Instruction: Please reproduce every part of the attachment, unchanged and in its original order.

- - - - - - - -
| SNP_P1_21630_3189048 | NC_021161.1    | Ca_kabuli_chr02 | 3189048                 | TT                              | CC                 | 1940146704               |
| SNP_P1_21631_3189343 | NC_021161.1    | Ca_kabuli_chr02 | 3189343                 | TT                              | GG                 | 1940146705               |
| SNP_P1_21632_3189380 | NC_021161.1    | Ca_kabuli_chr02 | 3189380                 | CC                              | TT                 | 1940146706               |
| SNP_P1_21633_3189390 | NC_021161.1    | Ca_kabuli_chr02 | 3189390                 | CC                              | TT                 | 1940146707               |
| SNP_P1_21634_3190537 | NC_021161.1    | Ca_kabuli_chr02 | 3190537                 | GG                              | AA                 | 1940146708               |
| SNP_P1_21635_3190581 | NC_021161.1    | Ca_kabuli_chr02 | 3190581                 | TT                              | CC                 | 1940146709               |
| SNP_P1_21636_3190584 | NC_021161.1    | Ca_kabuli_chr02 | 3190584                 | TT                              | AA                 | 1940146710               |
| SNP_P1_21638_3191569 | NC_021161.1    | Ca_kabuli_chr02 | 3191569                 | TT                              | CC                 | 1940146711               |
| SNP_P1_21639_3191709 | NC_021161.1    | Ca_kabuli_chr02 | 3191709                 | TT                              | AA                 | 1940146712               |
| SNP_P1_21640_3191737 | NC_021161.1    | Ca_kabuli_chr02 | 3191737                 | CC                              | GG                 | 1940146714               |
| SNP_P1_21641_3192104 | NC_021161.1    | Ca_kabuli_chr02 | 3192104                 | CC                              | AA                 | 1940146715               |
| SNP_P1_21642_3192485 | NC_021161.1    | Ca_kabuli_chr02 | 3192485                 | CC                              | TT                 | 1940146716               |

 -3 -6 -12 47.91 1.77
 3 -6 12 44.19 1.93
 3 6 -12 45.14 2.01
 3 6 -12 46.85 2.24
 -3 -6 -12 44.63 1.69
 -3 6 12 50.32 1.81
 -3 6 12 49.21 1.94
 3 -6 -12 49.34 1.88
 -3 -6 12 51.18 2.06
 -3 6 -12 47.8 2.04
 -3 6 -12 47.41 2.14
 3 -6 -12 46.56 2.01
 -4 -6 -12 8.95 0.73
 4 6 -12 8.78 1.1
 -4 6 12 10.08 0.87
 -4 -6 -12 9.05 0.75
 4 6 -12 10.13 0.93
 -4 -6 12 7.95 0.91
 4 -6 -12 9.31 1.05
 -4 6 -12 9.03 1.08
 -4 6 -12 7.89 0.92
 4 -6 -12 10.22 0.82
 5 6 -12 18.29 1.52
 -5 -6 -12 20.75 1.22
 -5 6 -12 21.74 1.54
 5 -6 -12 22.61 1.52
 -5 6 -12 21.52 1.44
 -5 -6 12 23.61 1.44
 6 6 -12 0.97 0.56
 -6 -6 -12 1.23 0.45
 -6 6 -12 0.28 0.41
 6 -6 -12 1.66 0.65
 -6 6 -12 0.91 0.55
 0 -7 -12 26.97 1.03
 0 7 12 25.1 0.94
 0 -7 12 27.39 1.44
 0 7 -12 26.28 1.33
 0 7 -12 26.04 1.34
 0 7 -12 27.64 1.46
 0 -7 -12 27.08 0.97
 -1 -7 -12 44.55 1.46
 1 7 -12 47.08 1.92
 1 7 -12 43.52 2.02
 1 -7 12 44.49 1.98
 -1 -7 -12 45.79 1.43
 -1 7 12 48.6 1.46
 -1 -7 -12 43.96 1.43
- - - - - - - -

| SNP_P1_21630_3189048 | NC_021161.1    | Ca_kabuli_chr02 | 3189048                 | TT                              | CC                 | 1940146704               |
| SNP_P1_21631_3189343 | NC_021161.1    | Ca_kabuli_chr02 | 3189343                 | TT                              | GG                 | 1940146705               |
| SNP_P1_21632_3189380 | NC_021161.1    | Ca_kabuli_chr02 | 3189380                 | CC                              | TT                 | 1940146706               |
| SNP_P1_21633_3189390 | NC_021161.1    | Ca_kabuli_chr02 | 3189390                 | CC                              | TT                 | 1940146707               |
| SNP_P1_21634_3190537 | NC_021161.1    | Ca_kabuli_chr02 | 3190537                 | GG                              | AA                 | 1940146708               |
| SNP_P1_21635_3190581 | NC_021161.1    | Ca_kabuli_chr02 | 3190581                 | TT                              | CC                 | 1940146709               |
| SNP_P1_21636_3190584 | NC_021161.1    | Ca_kabuli_chr02 | 3190584                 | TT                              | AA                 | 1940146710               |
| SNP_P1_21638_3191569 | NC_021161.1    | Ca_kabuli_chr02 | 3191569                 | TT                              | CC                 | 1940146711               |
| SNP_P1_21639_3191709 | NC_021161.1    | Ca_kabuli_chr02 | 3191709                 | TT                              | AA                 | 1940146712               |
| SNP_P1_21640_3191737 | NC_021161.1    | Ca_kabuli_chr02 | 3191737                 | CC                              | GG                 | 1940146714               |
| SNP_P1_21641_3192104 | NC_021161.1    | Ca_kabuli_chr02 | 3192104                 | CC                              | AA                 | 1940146715               |
| SNP_P1_21642_3192485 | NC_021161.1    | Ca_kabuli_chr02 | 3192485                 | CC                              | TT                 | 1940146716               |

 -3 -6 -12 47.91 1.77
 3 -6 12 44.19 1.93
 3 6 -12 45.14 2.01
 3 6 -12 46.85 2.24
 -3 -6 -12 44.63 1.69
 -3 6 12 50.32 1.81
 -3 6 12 49.21 1.94
 3 -6 -12 49.34 1.88
 -3 -6 12 51.18 2.06
 -3 6 -12 47.8 2.04
 -3 6 -12 47.41 2.14
 3 -6 -12 46.56 2.01
 -4 -6 -12 8.95 0.73
 4 6 -12 8.78 1.1
 -4 6 12 10.08 0.87
 -4 -6 -12 9.05 0.75
 4 6 -12 10.13 0.93
 -4 -6 12 7.95 0.91
 4 -6 -12 9.31 1.05
 -4 6 -12 9.03 1.08
 -4 6 -12 7.89 0.92
 4 -6 -12 10.22 0.82
 5 6 -12 18.29 1.52
 -5 -6 -12 20.75 1.22
 -5 6 -12 21.74 1.54
 5 -6 -12 22.61 1.52
 -5 6 -12 21.52 1.44
 -5 -6 12 23.61 1.44
 6 6 -12 0.97 0.56
 -6 -6 -12 1.23 0.45
 -6 6 -12 0.28 0.41
 6 -6 -12 1.66 0.65
 -6 6 -12 0.91 0.55
 0 -7 -12 26.97 1.03
 0 7 12 25.1 0.94
 0 -7 12 27.39 1.44
 0 7 -12 26.28 1.33
 0 7 -12 26.04 1.34
 0 7 -12 27.64 1.46
 0 -7 -12 27.08 0.97
 -1 -7 -12 44.55 1.46
 1 7 -12 47.08 1.92
 1 7 -12 43.52 2.02
 1 -7 12 44.49 1.98
 -1 -7 -12 45.79 1.43
 -1 7 12 48.6 1.46
 -1 -7 -12 43.96 1.43